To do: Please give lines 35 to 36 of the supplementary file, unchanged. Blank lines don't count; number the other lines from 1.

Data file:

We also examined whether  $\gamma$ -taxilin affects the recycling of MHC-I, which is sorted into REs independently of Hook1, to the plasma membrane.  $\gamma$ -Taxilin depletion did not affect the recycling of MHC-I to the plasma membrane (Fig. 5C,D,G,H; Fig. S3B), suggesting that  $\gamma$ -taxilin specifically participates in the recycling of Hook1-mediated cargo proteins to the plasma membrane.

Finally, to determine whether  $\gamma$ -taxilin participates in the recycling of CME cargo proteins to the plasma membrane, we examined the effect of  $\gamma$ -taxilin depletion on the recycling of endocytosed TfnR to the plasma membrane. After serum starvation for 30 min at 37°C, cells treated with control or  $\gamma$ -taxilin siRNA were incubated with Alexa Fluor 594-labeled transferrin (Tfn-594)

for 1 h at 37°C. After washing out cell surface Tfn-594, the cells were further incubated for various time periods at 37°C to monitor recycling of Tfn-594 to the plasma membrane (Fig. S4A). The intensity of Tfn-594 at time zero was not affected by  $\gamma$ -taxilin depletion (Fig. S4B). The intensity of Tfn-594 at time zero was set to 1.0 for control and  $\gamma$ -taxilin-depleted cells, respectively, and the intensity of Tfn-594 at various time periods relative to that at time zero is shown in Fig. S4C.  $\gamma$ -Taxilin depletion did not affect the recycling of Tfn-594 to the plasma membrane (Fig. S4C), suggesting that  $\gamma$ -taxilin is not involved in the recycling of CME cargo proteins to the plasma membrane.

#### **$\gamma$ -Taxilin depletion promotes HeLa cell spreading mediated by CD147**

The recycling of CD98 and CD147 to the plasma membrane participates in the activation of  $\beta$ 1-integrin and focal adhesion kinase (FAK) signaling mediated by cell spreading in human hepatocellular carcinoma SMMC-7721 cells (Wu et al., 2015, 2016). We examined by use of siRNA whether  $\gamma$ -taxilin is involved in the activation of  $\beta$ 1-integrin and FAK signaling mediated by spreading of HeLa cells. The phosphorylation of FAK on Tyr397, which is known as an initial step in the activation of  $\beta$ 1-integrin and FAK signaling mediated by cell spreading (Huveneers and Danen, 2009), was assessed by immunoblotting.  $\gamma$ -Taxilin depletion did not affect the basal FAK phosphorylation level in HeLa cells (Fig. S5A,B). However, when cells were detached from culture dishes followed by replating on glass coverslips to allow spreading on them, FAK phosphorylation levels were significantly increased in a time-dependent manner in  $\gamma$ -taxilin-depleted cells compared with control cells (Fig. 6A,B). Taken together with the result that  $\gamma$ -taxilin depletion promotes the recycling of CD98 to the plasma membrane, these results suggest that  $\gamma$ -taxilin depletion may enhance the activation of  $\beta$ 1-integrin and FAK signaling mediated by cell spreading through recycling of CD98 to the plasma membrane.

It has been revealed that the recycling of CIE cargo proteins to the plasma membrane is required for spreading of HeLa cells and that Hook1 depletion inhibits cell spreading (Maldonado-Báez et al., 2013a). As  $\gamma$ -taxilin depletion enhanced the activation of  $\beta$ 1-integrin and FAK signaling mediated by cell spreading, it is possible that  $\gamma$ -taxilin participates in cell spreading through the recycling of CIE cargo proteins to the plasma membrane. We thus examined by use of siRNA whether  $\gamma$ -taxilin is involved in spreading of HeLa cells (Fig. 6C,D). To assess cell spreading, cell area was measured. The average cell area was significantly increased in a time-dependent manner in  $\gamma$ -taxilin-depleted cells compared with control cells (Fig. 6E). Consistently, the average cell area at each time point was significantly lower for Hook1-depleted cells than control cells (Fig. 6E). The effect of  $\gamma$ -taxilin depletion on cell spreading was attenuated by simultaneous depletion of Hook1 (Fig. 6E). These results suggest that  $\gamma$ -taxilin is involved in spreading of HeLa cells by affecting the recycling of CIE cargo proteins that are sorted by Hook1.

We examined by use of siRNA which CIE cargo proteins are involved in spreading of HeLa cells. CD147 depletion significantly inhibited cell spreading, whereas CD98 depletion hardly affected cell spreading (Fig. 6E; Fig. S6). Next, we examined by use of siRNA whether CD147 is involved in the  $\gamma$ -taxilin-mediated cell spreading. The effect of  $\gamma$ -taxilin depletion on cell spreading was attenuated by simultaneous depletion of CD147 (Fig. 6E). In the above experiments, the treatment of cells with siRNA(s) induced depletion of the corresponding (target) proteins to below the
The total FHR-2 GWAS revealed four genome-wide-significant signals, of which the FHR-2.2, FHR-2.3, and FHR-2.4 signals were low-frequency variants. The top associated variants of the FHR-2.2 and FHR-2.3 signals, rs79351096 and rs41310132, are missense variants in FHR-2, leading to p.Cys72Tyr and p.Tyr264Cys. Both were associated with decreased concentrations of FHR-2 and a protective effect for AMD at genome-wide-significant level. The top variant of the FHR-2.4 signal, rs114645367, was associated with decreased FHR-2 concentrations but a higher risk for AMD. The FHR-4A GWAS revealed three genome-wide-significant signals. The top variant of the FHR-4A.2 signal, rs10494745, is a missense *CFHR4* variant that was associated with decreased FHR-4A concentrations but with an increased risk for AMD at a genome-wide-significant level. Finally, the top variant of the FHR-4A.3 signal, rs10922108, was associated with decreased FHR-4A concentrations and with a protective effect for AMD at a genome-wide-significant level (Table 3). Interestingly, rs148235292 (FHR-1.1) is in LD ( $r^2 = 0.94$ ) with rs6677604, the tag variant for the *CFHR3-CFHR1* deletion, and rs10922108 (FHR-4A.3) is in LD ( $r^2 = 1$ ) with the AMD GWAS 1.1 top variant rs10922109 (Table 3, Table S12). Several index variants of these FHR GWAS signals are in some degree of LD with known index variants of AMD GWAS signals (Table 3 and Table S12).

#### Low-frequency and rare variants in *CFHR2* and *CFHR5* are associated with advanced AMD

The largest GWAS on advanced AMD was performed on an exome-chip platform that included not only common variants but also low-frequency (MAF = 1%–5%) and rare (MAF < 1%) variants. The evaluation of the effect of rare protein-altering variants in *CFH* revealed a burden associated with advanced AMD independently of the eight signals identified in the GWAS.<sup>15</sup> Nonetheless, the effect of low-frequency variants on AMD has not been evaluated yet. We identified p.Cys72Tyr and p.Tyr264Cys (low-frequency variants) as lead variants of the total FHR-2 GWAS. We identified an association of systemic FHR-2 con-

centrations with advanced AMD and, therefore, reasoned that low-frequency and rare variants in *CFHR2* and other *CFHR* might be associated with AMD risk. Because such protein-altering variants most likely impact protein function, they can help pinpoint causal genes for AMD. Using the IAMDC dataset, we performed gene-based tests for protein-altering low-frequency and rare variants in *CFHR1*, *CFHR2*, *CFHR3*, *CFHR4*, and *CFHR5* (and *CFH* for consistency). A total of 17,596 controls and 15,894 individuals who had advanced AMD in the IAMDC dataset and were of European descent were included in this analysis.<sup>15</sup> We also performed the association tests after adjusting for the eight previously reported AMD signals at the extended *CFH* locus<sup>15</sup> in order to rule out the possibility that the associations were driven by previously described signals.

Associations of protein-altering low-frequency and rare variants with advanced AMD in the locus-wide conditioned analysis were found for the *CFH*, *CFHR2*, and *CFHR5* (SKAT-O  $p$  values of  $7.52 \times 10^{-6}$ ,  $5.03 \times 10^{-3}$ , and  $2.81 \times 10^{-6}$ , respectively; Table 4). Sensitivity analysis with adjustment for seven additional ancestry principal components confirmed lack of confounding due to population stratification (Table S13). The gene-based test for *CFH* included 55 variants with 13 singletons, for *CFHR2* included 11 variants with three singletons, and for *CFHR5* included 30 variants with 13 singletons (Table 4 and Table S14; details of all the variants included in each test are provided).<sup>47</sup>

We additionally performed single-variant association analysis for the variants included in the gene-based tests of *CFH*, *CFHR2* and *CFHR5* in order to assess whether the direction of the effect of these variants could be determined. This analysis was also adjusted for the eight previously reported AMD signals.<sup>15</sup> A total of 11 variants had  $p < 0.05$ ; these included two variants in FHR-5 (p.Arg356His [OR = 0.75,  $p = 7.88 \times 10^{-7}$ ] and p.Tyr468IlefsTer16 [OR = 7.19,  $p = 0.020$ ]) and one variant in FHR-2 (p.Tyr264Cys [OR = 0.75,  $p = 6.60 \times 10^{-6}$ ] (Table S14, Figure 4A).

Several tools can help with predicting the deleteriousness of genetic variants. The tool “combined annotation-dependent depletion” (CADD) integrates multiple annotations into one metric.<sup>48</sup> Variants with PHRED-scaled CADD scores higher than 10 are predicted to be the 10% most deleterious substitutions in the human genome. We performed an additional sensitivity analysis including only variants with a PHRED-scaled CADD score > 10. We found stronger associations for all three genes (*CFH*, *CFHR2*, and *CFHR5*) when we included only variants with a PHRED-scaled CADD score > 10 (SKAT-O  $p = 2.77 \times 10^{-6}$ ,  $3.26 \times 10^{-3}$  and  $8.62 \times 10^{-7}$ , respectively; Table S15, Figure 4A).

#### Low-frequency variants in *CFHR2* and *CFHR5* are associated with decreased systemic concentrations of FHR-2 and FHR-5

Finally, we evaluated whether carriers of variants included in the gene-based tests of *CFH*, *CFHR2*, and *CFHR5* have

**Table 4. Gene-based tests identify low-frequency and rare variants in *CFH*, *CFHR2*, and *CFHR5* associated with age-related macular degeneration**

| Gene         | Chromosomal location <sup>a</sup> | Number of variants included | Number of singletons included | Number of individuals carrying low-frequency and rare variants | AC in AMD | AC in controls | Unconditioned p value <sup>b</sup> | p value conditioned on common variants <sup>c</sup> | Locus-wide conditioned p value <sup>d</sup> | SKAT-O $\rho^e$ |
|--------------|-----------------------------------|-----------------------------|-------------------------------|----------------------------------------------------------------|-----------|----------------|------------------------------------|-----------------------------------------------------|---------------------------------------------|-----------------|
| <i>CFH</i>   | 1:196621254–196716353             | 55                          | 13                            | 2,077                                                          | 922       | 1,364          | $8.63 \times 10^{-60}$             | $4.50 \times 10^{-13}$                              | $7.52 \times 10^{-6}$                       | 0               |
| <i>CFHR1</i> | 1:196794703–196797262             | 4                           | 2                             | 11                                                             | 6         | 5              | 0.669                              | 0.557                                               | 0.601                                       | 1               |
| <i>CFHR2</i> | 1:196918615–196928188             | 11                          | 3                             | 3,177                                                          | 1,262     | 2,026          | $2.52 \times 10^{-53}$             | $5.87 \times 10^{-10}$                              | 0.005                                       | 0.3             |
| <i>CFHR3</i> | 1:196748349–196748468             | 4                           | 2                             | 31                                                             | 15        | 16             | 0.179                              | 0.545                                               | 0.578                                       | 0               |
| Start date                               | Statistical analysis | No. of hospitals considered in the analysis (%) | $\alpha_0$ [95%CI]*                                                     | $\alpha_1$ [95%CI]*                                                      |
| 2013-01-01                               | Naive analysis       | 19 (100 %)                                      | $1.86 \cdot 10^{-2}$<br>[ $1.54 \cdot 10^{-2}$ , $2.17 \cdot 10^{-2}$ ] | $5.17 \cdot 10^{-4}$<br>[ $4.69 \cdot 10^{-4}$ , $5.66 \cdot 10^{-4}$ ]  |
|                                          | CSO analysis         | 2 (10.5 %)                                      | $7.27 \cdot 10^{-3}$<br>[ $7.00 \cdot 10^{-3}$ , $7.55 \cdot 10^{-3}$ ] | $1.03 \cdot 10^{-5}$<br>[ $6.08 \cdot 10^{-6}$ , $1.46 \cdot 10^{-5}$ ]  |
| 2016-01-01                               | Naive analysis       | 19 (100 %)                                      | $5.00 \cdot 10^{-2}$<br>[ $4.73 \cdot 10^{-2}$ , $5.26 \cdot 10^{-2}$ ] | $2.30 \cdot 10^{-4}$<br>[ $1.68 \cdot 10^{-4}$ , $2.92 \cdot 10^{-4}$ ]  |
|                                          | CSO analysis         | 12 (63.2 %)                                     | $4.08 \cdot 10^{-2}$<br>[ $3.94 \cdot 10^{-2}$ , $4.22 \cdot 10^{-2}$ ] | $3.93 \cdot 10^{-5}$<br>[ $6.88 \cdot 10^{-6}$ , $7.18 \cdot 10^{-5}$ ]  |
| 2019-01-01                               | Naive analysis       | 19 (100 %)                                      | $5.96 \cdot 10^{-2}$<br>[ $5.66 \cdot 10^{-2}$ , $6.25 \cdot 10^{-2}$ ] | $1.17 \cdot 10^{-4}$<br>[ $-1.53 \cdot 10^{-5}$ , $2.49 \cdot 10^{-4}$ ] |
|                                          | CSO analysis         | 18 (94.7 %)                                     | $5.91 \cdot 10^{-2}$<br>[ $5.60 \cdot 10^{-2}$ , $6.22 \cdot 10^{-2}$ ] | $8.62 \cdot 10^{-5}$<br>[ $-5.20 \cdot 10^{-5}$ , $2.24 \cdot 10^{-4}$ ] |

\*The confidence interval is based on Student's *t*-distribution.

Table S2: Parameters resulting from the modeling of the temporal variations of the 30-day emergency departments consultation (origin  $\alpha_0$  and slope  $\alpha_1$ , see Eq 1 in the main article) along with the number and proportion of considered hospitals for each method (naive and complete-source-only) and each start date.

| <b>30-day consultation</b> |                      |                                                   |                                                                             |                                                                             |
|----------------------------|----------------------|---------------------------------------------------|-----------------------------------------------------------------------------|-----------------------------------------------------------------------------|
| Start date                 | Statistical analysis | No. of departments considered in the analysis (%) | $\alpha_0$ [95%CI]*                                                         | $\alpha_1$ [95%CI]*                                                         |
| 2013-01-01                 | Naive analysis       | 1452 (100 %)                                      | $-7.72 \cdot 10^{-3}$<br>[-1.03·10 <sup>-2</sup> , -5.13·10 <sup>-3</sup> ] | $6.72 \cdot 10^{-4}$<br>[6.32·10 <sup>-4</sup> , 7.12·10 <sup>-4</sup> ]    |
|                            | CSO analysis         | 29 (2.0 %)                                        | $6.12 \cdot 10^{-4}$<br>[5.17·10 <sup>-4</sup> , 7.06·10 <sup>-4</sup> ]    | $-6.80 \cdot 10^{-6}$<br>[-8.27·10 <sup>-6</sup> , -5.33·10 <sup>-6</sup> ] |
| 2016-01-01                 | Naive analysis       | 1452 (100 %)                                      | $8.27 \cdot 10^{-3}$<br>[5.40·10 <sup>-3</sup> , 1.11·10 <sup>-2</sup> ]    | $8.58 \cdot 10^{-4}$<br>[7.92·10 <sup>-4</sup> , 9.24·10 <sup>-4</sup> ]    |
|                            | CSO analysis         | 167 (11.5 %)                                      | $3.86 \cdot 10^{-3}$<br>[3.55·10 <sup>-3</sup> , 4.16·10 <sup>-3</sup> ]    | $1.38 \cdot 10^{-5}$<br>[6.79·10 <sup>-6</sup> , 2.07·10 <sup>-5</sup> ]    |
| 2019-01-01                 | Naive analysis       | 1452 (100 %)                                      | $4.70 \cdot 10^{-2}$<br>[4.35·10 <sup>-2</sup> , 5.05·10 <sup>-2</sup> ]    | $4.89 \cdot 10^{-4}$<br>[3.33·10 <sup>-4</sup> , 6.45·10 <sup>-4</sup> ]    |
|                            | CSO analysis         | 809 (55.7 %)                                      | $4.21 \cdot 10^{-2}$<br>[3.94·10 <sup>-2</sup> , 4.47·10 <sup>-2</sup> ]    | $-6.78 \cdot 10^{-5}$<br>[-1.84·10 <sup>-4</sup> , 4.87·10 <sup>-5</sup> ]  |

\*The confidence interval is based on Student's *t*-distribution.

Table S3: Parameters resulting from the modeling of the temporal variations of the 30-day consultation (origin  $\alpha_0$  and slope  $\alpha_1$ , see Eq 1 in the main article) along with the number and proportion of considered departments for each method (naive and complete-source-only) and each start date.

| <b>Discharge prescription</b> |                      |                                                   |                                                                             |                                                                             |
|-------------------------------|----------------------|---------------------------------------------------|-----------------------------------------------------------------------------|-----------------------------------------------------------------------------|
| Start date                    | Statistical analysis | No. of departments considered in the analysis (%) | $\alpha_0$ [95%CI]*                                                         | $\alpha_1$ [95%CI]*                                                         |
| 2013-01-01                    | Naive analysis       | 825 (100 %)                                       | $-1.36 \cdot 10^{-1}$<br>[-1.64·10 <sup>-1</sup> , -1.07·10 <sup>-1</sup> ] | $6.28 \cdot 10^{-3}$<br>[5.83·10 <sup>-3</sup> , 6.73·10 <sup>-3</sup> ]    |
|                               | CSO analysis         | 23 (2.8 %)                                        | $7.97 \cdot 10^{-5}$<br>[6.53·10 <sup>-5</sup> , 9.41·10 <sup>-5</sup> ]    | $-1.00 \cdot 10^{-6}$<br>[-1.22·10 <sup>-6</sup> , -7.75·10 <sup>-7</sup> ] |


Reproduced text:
| Start date                 | Statistical analysis | No. of departments considered in the analysis (%) | $\alpha_0$ [95%CI]*                                                         | $\alpha_1$ [95%CI]*                                                         |
| 2013-01-01                 | Naive analysis       | 1452 (100 %)                                      | $-7.72 \cdot 10^{-3}$<br>[-1.03·10 <sup>-2</sup> , -5.13·10 <sup>-3</sup> ] | $6.72 \cdot 10^{-4}$<br>[6.32·10 <sup>-4</sup> , 7.12·10 <sup>-4</sup> ]    |